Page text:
With the Poème élégiaque, Op 12, written in 1892–3, Ysaÿe moved away from the pieces he wrote merely for virtuosic purposes in his youth. The only legacy from the virtuoso practice of the past is the scordatura: the G string is here tuned to an F, giving a dark colour, the violin sounding sometimes like a viola. First written for violin and piano, Ysaÿe later orchestrated the piece. The work is dedicated to Gabriel Fauré, from whom he had already commissioned a piano quintet (Op 89, which the composer was to take a further ten years to finish). However, it was upon Ernest Chausson that the Poème élégiaque was to have a great influence, serving as the example for the famous Poème which he would write three years later. Ysaÿe the interpreter participated here fully in the creative process. The similarities between the two works are striking: the general atmosphere, the Wagnerism, the shape, the sublime trills at the end … Ysaÿe helped in writing the violin part, in particular the cadenza of the work which Chausson eventually called ‘mon– ton poème’ (‘my–your poème’).

At about the same time, during a particularly long tour, Ysaÿe wrote his Rêve d’enfant (‘A child’s dream’), Op 14, which he dedicated to his youngest son Antoine. It is a lullaby close in spirit to Fauré’s Berceuse, Op 16, and its short length allowed its composer, at the beginning of the recording era, to leave with us a particularly touching and inimitable performance.

The Six Sonatas for solo violin, Op 27 constitute the violinistic testament of Ysaÿe. Each of the sonatas is amicably dedicated to a violinist of the younger generation. They were composed with the personality of each dedicatee in mind, but maintain an overall unity of style. Ysaÿe sketched them in twenty-four hours following a recital by Joseph Szigeti, to whom the first sonata is dedicated. Ysaÿe was impressed by the way Szigeti played Bach, and Szigeti saw in the Op 27 ‘an attempt, probably subconscious, from Ysaÿe to interpret this music’. Indeed, I believe that these sonatas are impregnated with Ysaÿe’s own interpretation of Bach’s sonatas as much as with the masterworks themselves.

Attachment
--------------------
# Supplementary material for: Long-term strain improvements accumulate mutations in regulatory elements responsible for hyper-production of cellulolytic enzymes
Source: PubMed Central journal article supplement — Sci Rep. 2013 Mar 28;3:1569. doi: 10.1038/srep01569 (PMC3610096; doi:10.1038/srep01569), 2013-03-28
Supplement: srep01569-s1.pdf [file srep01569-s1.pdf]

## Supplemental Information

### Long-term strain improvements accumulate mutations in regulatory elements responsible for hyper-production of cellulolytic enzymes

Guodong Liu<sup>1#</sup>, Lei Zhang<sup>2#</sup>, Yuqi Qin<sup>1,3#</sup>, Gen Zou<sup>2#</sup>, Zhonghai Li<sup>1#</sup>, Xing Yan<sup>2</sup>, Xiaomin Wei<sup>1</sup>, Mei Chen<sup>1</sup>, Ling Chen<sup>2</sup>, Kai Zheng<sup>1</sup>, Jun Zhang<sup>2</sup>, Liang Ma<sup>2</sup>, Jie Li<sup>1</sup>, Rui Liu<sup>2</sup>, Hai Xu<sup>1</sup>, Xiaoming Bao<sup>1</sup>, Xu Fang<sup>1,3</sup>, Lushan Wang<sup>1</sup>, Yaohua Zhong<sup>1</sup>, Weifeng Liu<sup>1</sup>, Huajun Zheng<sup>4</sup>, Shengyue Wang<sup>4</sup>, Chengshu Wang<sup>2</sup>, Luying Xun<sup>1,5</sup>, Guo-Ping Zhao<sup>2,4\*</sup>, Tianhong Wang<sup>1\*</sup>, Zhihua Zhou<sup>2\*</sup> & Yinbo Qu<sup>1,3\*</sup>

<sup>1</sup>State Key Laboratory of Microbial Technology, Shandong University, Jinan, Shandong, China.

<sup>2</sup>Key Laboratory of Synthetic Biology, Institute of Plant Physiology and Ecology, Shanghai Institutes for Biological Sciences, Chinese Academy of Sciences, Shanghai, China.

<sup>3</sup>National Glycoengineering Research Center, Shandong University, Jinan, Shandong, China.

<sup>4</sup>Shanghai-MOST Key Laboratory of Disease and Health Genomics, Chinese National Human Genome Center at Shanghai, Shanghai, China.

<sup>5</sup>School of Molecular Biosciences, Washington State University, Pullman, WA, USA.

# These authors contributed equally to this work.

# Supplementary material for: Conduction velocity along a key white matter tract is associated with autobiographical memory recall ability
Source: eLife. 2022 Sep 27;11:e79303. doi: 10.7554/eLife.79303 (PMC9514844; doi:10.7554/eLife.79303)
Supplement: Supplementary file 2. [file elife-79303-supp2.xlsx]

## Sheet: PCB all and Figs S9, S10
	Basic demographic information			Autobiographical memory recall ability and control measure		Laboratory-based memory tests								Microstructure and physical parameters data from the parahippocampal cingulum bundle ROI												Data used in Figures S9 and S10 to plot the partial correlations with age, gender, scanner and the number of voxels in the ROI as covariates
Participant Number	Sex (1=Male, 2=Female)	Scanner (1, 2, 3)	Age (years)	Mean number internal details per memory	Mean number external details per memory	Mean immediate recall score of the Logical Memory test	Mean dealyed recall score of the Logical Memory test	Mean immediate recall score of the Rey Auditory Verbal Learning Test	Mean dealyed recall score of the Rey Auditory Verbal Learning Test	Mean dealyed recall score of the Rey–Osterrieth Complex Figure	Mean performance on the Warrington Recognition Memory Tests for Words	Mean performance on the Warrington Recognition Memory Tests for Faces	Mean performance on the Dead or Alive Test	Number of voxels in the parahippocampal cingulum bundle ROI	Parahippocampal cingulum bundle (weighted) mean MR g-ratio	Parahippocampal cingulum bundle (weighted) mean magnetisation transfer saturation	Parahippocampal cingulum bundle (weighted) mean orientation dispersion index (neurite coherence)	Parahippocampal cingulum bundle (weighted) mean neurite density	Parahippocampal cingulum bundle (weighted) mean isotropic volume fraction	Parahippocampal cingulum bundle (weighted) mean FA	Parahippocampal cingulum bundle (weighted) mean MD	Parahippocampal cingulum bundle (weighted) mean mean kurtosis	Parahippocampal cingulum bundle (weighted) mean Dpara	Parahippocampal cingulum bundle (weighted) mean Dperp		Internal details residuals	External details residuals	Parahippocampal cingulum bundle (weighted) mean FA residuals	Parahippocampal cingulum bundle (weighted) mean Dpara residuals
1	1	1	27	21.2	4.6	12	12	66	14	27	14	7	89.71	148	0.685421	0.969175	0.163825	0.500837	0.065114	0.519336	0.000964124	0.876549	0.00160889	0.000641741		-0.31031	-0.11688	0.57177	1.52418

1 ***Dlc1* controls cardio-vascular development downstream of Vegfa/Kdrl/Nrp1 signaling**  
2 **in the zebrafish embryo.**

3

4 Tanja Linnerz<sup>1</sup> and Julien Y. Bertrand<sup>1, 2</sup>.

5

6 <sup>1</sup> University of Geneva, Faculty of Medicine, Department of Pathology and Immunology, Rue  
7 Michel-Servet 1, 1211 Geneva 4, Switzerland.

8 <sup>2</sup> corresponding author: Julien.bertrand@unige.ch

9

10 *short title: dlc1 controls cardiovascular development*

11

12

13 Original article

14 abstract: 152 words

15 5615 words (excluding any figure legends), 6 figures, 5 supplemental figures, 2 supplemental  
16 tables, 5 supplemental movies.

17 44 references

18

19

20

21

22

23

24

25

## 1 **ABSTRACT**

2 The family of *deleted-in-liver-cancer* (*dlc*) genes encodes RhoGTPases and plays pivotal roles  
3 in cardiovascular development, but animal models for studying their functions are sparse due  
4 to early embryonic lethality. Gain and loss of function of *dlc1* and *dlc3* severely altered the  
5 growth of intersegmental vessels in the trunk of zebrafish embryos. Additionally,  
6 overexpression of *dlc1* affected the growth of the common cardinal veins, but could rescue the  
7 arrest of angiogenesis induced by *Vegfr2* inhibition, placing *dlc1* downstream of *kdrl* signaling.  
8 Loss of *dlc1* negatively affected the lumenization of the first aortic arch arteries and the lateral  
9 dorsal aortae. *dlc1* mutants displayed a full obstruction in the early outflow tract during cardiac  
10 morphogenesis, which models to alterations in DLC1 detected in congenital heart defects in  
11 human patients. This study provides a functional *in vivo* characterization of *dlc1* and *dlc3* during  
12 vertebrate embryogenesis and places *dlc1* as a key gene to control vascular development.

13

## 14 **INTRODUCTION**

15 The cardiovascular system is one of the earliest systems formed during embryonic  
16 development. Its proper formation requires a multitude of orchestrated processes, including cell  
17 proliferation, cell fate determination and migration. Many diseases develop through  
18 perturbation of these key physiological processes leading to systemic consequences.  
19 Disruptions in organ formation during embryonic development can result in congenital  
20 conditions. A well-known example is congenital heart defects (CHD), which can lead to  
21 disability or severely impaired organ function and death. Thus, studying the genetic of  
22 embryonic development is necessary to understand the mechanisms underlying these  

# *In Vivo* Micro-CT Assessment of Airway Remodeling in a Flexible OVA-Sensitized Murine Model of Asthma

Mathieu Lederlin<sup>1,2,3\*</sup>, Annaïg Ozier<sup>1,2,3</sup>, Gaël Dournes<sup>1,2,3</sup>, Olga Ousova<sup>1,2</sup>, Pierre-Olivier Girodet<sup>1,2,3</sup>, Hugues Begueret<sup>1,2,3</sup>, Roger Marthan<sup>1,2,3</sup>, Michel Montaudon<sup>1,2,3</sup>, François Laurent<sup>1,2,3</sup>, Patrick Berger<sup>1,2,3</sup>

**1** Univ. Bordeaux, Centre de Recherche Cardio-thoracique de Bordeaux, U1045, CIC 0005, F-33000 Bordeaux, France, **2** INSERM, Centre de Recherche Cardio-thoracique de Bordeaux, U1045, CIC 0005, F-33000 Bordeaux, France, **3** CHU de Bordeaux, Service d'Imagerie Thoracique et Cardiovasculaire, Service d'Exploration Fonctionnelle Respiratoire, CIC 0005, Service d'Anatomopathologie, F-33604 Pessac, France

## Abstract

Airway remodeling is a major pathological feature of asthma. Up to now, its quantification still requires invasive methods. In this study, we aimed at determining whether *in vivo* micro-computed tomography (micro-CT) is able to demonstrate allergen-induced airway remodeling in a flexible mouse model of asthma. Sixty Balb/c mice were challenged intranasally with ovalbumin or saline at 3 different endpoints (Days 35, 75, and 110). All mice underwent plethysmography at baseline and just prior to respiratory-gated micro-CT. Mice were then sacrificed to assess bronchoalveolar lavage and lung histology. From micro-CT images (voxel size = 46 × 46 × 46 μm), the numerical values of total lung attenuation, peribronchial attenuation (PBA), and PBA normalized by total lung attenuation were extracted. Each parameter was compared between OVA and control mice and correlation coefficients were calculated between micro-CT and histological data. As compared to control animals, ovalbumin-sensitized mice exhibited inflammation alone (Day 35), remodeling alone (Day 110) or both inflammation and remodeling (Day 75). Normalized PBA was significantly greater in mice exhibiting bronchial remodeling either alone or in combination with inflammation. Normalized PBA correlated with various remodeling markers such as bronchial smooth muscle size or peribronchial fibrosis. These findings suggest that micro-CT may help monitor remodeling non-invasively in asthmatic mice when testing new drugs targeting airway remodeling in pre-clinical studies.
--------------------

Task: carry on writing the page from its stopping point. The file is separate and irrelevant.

The first sonata adopts the Bach sonata form: four movements with a fugue, a form that Bartók, a close friend of Szigeti, would take on later in his sonata for solo violin. Based on the Gregorian ‘Dies irae’, the second sonata is dedicated to Jacques Thibaud, who was his student and protégé. The two first movements were inspired by Bach’s third partita in E major and one could link this sonata with the principle of ‘collages’ that the cubist painters started using some fifteen years earlier.

The third sonata (titled ‘Ballade’, a reference to Chopin) is inspired by the character—free and profoundly Romanian—of its dedicatee, George Enescu. Ysaÿe had a special admiration for Enescu both as a composer and violinist. Josef Gingold, while studying with Ysaÿe in Brussels, premiered the work during a dinner in honour of Queen Elisabeth of Belgium. The young violinist, while warming up in a side room, realized that the beginning of the sonata had slipped his mind, discovering with a fright that he had left the manuscript at home. He resigned himself to disturbing Ysaÿe (whose foot had been amputated due to gout and could only leave the table with difficulty). He explained the situation to his master but to his great surprise, Ysaÿe did not remember it either! Ysaÿe advised him to start from the main theme and went back to his table in a very bad mood. A little later, while going on stage, Gingold recovered his memory and could not help laughing throughout his performance. The work became a great success and is now an essential part of the repertoire for solo violin. One can also notice the influence of Debussy’s La mer in the development section.

The fourth sonata is dedicated to Fritz Kreisler. The Sarabande is of great tenderness, based around four-note ostinato. The Finale is characteristic of Kreisler’s playing and of his short pieces like the Tambourin chinois. To thank him Kreisler wrote and dedicated his Recitative and scherzo caprice for violin solo ‘à la Ysaÿe’.

The fifth sonata is dedicated to Mathieu Crickboom, who was the second violin of Ysaÿe’s quartet (and therefore involved in the premieres of Debussy’s quartet and Chausson’s Concert). The first movement has great poetry but is also sprinkled with autobiographical elements—a souvenir of ‘vacances studieuses’ where, to avoid the summer heat, the violinists would awake early. ‘L’aurore’ (‘The dawn’) is therefore also violinistic, describing the morning exercises with first the ‘sons filés’ (very long notes, without end, to develop control of the bow, something of which Ysaÿe was an advocate), then the work on intonation, verifying the note with pizzicato on open strings; then the arpeggios come with the rising of the sun. This is followed by a picnic and a ‘Danse rustique’, a sort of Walloon farandole.

The sixth sonata was written for Manuel Quiroga, a Spanish virtuoso whose career was interrupted abruptly by an accident. The work brings to mind the music of Sarasate. This Spanish caprice brilliantly ends the cycle, like a final act of bravado.

I dedicate this recording to the memory of Professor Josef Gingold and Philipp Hirschhorn, who both taught me so much.

Philippe Graffin © 1997